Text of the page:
Hong Kong Mixtape

Hong Kong Mixtape Review: Ode to a Changing Nation

Hot Docs 2023

6 mins read

Hong Kong Mixtape
(UK, 87 min.)
Dir. San San F Young
Programme: International Spectrum (International premiere)


At one point in Hong Kong Mixtape, the idea of the city being known solely as a financial hub filled with corporate skyscrapers and suits is posited as almost a facade. The true Hong Kong, director San San F Young puts forward, has always been a place filled with art, culture, and creation. So, when China attempted to disembody the soul of Hong Kong, its people were quick to remind the authoritarian regime of their natural state, hoping to prove their identity through artistic expression.

The film is styled as a personal essay with Young recounting her upbringing in Hong Kong, her mixed- race heritage, and the counterculture she discovered at a young age and was determined to join. Young’s arms-length approach to Hong Kong in her adult years provides an interesting texture to the film: she’s an insider looking on from the outside. Hong Kong formed Young into who she is and no matter how much time and space separates her from the territory, the energy and vivacity of her homeland will never leave her. But she is acutely aware that her absence has caused her to miss out on Hong Kong’s ever-changing landscape that will shape future generations.

Hong Kong’s current political climate has been examined and dissected in the news, online, and in many documentaries including Who’s Afraid of Nathan Law?, also screening at Hot Docs. What makes Young’s film unique is its focus on the artistry of the Hong Kong people.

Like many uprisings before, a number of protest songs have been created and belted out, much to the chagrin of Beijing, during this period of unrest. The walls and tunnels of Hong Kong became empty canvases for people to exercise their freedom of speech when their voices were silenced. Filmmakers and dancers took to the streets and mountains of the city to produce remarkable visuals and stories in the hopes of inspiring and motivating activists new and old. It is clear that creativity was alive and well in a time when a concerted effort was made to sanitize and dampen independent thought.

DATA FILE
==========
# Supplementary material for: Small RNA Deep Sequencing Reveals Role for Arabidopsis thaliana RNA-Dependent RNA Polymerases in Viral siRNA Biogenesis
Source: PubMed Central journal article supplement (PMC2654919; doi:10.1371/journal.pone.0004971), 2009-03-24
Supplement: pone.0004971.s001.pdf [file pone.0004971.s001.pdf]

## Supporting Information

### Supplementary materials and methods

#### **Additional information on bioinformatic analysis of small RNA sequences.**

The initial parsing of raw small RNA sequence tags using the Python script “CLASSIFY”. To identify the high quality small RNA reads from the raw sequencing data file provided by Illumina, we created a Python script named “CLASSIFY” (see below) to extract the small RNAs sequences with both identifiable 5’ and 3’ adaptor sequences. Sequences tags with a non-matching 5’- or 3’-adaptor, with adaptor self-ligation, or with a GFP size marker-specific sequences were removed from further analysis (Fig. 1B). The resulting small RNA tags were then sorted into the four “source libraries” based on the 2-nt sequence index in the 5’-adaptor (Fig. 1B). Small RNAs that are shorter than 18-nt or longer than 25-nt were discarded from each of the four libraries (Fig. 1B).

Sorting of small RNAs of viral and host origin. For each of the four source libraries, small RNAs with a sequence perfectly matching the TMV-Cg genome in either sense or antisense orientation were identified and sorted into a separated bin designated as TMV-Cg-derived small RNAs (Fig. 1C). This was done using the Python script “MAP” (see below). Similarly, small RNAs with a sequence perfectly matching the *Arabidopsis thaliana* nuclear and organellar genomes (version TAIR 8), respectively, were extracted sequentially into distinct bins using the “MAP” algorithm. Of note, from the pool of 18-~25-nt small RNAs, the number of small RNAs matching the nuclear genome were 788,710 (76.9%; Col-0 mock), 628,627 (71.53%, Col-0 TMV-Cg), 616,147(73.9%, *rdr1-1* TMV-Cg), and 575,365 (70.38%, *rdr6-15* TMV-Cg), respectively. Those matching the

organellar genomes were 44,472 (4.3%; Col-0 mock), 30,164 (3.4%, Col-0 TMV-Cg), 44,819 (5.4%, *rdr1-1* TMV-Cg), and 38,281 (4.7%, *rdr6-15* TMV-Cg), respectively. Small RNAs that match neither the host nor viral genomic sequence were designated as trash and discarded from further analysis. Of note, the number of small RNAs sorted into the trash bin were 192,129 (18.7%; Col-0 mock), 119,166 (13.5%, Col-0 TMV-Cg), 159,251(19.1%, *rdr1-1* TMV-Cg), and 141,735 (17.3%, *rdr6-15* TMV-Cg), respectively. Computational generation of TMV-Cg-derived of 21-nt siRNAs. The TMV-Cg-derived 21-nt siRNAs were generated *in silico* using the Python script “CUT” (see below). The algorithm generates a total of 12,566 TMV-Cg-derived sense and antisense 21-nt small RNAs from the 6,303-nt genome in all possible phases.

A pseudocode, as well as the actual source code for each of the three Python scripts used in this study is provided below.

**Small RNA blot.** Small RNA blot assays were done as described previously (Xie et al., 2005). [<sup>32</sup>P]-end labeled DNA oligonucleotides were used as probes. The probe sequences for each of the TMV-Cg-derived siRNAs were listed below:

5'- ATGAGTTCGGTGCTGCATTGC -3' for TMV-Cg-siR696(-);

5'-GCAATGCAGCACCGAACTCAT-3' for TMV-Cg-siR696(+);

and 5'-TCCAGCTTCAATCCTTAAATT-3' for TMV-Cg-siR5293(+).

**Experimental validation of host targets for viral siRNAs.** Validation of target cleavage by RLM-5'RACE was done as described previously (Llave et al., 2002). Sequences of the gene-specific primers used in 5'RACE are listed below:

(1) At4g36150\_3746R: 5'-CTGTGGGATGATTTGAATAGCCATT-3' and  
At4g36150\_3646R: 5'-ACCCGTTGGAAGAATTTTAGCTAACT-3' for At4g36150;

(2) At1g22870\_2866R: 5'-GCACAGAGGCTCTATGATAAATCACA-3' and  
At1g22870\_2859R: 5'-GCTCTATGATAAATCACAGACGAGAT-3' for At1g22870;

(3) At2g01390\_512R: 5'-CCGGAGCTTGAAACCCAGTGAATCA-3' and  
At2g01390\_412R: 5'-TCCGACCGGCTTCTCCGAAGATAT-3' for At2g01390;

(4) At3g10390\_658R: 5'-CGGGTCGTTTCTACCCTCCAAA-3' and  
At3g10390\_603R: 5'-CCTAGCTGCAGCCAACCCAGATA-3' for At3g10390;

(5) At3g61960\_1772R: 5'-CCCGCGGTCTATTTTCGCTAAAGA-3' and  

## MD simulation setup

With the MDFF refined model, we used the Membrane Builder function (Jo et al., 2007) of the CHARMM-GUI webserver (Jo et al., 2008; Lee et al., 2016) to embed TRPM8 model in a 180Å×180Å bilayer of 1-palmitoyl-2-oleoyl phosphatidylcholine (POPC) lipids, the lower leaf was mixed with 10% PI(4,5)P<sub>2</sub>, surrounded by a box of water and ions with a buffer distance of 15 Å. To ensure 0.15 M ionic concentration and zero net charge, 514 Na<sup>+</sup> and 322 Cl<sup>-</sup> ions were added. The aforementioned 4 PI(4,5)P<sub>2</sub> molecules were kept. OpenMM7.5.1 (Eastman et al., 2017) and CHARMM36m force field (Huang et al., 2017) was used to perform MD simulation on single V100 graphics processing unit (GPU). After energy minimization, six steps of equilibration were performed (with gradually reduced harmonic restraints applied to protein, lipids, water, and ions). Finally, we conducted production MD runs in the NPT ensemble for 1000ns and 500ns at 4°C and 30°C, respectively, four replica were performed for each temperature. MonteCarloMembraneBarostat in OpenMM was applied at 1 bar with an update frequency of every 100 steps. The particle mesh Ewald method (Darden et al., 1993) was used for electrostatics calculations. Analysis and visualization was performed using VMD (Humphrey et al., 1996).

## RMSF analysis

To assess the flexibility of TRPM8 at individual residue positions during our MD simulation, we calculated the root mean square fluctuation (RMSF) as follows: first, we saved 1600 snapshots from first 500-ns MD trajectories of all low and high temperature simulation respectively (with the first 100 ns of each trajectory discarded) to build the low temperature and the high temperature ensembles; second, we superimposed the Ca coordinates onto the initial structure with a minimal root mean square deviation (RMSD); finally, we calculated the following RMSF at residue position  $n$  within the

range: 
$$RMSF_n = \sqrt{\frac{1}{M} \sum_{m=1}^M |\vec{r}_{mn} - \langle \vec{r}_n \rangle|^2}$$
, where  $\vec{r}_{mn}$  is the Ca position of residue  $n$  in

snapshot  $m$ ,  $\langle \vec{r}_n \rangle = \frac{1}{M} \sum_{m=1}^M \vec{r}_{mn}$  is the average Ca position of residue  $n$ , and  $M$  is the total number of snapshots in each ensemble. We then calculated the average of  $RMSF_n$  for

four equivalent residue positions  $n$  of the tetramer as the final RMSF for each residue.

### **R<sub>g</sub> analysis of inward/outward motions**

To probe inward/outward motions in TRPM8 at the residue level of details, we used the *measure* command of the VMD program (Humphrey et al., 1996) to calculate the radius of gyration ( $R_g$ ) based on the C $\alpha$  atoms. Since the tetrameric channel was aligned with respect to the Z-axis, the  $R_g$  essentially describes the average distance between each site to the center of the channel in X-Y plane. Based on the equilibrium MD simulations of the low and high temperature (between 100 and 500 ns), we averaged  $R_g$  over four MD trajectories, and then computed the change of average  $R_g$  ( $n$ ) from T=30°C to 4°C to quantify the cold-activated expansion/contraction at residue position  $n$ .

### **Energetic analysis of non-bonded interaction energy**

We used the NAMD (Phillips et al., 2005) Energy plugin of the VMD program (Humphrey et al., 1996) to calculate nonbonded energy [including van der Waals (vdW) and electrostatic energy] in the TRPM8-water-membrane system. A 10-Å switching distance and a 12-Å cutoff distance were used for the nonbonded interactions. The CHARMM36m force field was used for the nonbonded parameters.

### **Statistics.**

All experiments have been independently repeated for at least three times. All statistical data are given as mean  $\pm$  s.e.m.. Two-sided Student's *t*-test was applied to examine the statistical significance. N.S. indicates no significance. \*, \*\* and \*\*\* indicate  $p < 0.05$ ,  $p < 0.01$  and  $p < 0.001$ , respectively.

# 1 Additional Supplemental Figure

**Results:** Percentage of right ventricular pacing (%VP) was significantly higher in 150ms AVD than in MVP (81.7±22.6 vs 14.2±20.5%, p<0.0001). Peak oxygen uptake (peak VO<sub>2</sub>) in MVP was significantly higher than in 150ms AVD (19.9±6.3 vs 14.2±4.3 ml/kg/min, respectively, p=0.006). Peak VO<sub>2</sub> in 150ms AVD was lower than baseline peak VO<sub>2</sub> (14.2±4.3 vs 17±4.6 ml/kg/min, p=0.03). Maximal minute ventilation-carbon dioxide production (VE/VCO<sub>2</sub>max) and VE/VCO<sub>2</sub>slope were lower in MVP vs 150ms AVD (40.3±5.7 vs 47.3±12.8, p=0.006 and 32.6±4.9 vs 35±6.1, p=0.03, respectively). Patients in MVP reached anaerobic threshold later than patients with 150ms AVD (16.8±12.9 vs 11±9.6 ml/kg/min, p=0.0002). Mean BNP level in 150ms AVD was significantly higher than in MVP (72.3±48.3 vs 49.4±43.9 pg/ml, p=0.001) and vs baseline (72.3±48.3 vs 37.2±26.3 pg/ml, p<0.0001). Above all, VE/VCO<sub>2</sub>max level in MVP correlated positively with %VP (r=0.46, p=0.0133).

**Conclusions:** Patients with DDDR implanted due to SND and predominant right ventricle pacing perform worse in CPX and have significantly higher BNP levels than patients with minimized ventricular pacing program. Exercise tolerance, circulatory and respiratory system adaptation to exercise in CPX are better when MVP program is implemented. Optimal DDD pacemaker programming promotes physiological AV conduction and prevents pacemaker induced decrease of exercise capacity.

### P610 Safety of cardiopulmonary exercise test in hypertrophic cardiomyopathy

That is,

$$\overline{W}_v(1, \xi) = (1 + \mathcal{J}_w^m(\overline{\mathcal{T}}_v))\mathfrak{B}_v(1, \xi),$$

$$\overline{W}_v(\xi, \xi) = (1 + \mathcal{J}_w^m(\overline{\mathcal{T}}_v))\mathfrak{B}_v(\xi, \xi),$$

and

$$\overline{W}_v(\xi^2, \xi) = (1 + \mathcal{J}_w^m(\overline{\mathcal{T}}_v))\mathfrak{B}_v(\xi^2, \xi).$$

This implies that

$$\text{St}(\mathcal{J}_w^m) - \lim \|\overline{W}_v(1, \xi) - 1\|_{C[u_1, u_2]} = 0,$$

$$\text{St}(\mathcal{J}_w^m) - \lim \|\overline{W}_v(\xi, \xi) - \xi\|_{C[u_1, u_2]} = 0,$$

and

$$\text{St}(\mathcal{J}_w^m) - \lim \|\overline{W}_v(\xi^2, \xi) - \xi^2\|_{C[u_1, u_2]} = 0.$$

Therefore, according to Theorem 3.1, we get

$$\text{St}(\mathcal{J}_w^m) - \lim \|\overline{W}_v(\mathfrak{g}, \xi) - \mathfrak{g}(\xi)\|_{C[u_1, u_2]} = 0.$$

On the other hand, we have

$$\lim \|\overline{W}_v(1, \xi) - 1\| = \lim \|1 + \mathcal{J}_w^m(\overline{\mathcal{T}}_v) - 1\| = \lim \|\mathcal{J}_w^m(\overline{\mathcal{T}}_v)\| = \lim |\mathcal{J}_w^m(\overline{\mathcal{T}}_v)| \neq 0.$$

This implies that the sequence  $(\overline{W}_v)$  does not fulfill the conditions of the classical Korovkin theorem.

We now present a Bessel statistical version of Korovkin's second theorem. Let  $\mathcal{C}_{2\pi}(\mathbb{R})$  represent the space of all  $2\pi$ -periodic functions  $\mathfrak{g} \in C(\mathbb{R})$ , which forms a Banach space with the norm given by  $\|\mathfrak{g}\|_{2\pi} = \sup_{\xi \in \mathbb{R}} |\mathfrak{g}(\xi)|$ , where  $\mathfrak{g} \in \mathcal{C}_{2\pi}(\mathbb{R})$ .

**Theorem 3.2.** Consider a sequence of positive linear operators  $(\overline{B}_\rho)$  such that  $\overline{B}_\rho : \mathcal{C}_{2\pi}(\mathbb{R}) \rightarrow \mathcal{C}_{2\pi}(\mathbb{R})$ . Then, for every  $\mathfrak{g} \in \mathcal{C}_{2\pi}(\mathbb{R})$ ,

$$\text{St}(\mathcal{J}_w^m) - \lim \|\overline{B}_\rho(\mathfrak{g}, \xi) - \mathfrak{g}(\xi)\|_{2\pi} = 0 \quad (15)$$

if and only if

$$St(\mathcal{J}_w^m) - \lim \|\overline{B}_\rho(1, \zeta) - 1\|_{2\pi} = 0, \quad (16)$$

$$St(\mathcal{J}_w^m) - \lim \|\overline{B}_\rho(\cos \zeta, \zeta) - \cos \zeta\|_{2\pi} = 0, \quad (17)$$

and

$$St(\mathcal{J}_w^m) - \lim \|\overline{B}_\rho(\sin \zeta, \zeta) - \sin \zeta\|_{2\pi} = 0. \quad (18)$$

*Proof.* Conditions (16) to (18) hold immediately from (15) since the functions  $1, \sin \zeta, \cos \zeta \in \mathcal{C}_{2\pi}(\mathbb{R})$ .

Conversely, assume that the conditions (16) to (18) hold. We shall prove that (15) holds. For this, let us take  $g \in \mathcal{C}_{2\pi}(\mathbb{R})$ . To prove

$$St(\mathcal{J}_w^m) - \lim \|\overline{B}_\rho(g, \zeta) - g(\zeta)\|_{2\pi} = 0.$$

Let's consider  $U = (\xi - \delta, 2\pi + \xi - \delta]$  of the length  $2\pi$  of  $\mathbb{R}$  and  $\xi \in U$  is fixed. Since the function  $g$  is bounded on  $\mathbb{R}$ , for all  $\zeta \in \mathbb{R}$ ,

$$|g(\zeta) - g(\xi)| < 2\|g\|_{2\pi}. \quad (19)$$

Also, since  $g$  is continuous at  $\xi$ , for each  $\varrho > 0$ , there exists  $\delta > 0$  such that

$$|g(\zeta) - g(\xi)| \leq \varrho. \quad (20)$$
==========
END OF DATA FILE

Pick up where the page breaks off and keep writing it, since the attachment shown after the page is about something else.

For much of the film, Young waxes lyrical about the art found in Hong Kong’s unrest, which is a unique approach to the situation. But inevitably Hong Kong Mixtape takes the same sombre path all documentaries about the city must follow. The introduction of the Hong Kong national security law in 2020 was the proverbial straw to break the camel’s back and drew a bleak cast over the island. With the streets emptied of protesters, city workers worked swiftly to paint and pave over any evidence that dissent once existed.

Young begins asking those around her, including her mother, whether they plan on staying or leaving. It’s the part of Hong Kong’s story I find most heartbreaking. There’s something special about Hong Kong, an indescribable quality that lays within every resident past and present. To leave Hong Kong in the current circumstances feels like giving up on a place that gave its people so much. This is especially poignant for the many who escaped to Hong Kong from China, fleeing persecution and the Cultural Revolution for a brighter future.

All of Young’s interviewees echo a similar sentiment: they don’t want to leave Hong Kong but feel that there are no other choices to be had. This is true for Young’s mother and one of Hong Kong Mixtape’s main subjects, Kacey Wong. A renowned visual artist, Wong would eventually emigrate to Taiwan in 2021, seeing no future in Hong Kong as militant law and order destroyed the freedoms that used to be around him.

A reading of Young’s film says that Wong’s quiet exit from Hong Kong represents the exasperated departure of its culture and a warning that the city’s soul is undergoing re-construction. But with one project at the end of the film involving Hong Kongers from around the world coming together to create one last piece of art, Young attempts to give optimism and light to her story. From Sydney to Prague to Toronto, Young illustrates that the strength of a nation isn’t in its geography or politics. The heart and soul of Hong Kong was, and always has been, with its people–those who left and those who stayed.

Hong Kong Mixtape screens at Hot Docs 2023.

Get more coverage from this year’s festival here.

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